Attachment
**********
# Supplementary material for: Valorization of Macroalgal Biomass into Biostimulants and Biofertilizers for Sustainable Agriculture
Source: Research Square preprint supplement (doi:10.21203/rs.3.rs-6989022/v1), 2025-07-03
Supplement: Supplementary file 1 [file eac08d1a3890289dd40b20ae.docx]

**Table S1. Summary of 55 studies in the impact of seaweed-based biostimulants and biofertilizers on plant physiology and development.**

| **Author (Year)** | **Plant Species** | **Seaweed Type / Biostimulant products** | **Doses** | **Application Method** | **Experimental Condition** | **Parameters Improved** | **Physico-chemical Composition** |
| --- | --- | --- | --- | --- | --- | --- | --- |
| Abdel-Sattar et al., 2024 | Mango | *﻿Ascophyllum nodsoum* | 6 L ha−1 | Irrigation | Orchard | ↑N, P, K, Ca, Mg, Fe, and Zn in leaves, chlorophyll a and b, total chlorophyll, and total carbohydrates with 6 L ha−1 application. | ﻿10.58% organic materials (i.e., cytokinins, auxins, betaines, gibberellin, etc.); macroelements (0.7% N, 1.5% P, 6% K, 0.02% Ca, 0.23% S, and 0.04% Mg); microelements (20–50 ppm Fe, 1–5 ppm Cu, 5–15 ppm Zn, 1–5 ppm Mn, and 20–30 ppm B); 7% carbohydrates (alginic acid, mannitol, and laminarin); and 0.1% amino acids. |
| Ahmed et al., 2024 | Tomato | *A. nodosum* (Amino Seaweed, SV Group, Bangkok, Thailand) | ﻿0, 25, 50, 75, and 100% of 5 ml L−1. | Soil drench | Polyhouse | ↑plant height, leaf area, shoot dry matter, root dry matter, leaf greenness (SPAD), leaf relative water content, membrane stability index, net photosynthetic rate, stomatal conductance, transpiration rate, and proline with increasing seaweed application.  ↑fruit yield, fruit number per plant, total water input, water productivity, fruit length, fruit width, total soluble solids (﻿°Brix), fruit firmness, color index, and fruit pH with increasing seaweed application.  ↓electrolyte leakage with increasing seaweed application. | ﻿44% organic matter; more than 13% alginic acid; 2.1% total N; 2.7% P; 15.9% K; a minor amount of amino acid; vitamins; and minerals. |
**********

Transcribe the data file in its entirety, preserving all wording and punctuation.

# Supplementary material for: Valorization of Macroalgal Biomass into Biostimulants and Biofertilizers for Sustainable Agriculture
Source: Research Square preprint supplement (doi:10.21203/rs.3.rs-6989022/v1), 2025-07-03
Supplement: Supplementary file 1 [file eac08d1a3890289dd40b20ae.docx]

**Table S1. Summary of 55 studies in the impact of seaweed-based biostimulants and biofertilizers on plant physiology and development.**

| **Author (Year)** | **Plant Species** | **Seaweed Type / Biostimulant products** | **Doses** | **Application Method** | **Experimental Condition** | **Parameters Improved** | **Physico-chemical Composition** |
| --- | --- | --- | --- | --- | --- | --- | --- |
| Abdel-Sattar et al., 2024 | Mango | *﻿Ascophyllum nodsoum* | 6 L ha−1 | Irrigation | Orchard | ↑N, P, K, Ca, Mg, Fe, and Zn in leaves, chlorophyll a and b, total chlorophyll, and total carbohydrates with 6 L ha−1 application. | ﻿10.58% organic materials (i.e., cytokinins, auxins, betaines, gibberellin, etc.); macroelements (0.7% N, 1.5% P, 6% K, 0.02% Ca, 0.23% S, and 0.04% Mg); microelements (20–50 ppm Fe, 1–5 ppm Cu, 5–15 ppm Zn, 1–5 ppm Mn, and 20–30 ppm B); 7% carbohydrates (alginic acid, mannitol, and laminarin); and 0.1% amino acids. |
| Ahmed et al., 2024 | Tomato | *A. nodosum* (Amino Seaweed, SV Group, Bangkok, Thailand) | ﻿0, 25, 50, 75, and 100% of 5 ml L−1. | Soil drench | Polyhouse | ↑plant height, leaf area, shoot dry matter, root dry matter, leaf greenness (SPAD), leaf relative water content, membrane stability index, net photosynthetic rate, stomatal conductance, transpiration rate, and proline with increasing seaweed application.  ↑fruit yield, fruit number per plant, total water input, water productivity, fruit length, fruit width, total soluble solids (﻿°Brix), fruit firmness, color index, and fruit pH with increasing seaweed application.  ↓electrolyte leakage with increasing seaweed application. | ﻿44% organic matter; more than 13% alginic acid; 2.1% total N; 2.7% P; 15.9% K; a minor amount of amino acid; vitamins; and minerals. |